Wednesday, July 22, 2009

not to belabor the point, but...

I was reading some background on what led Vyckie, of No Longer Quivering to the Quiverfull movement when I came across something that really tied into a conversation I was having with my friend A yesterday about Twilight.

The Quiverfull movement is a Christian Fundamentalist movement that encourages families to have as many children as God allows. They also stress patriarchal divisions in the household and homeschooling.

Vyckie and her husband, who were already fundamentalist, attended a "Bold Christian Living" seminar by Jonathan Lindvall:

"...he was quite radical ~ going so far as to explain that he did not allow his wife and daughters to leave the home unless they were accompanied by himself or one of his sons ~ and he also would not let his girls have driver's licenses because he wanted to protect them from the possibility of having to serve on jury duty which might entail their being forced to listen to all the sordid details of the lawbreakers' sin and debauchery. Interestingly, at the time ~ Lindvall's isolation and control of his wife and daughters did not come across as abusive at all ~ he seemed genuinely loving ~ protective and considerate ~ hearing him speak inspired me to wish I had such a strong, decisive, capable husband to take care of me and my children."

This was so reminiscent of the Bella-Edward dynamic that I couldn't help myself. Every time something like this popped up in Twilight, I had to set the book down for a moment and encourage myself. So I was especially shocked when A hadn't seemed to notice the damaging relational undertones to the situation. She didn't pick up on the underlying potential for abuse, and that really confused me. Maybe I'm more sentitive to the precursers for abuse, and maybe that's why I've never ended up in an abusive relationship.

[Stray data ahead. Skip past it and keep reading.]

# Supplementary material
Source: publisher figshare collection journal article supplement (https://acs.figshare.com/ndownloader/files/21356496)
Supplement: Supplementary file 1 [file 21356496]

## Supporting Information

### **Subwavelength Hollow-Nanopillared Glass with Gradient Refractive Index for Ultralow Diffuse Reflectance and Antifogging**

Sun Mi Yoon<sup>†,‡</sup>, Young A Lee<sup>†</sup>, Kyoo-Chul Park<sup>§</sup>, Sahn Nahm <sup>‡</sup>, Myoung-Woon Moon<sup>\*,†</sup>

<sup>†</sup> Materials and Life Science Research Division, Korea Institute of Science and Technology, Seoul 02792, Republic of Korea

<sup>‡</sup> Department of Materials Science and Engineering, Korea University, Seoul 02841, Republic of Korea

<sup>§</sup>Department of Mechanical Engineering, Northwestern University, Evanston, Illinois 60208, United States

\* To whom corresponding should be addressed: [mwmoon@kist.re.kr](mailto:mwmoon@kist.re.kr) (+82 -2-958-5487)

Growing up in a small, conservative, rural town, it seems like a lot of people I know have endured at least moderate abuse of some form or another, and I've always felt so greatful that I've avoided this particular pitfall.

It really makes me wonder, are certain people more able to naturally detect abusive patterns, or is this something that can be learned? Shouldn't we be teaching teenagers these patterns? Whether it does any good or not, I really hope to use Bella and Edward as a teaching tool for the teenagers in our house.

I'm determined that if it's a learned skill, then these children will learn it now, before they set their own patterns for life.

Julie Pickett-Hall

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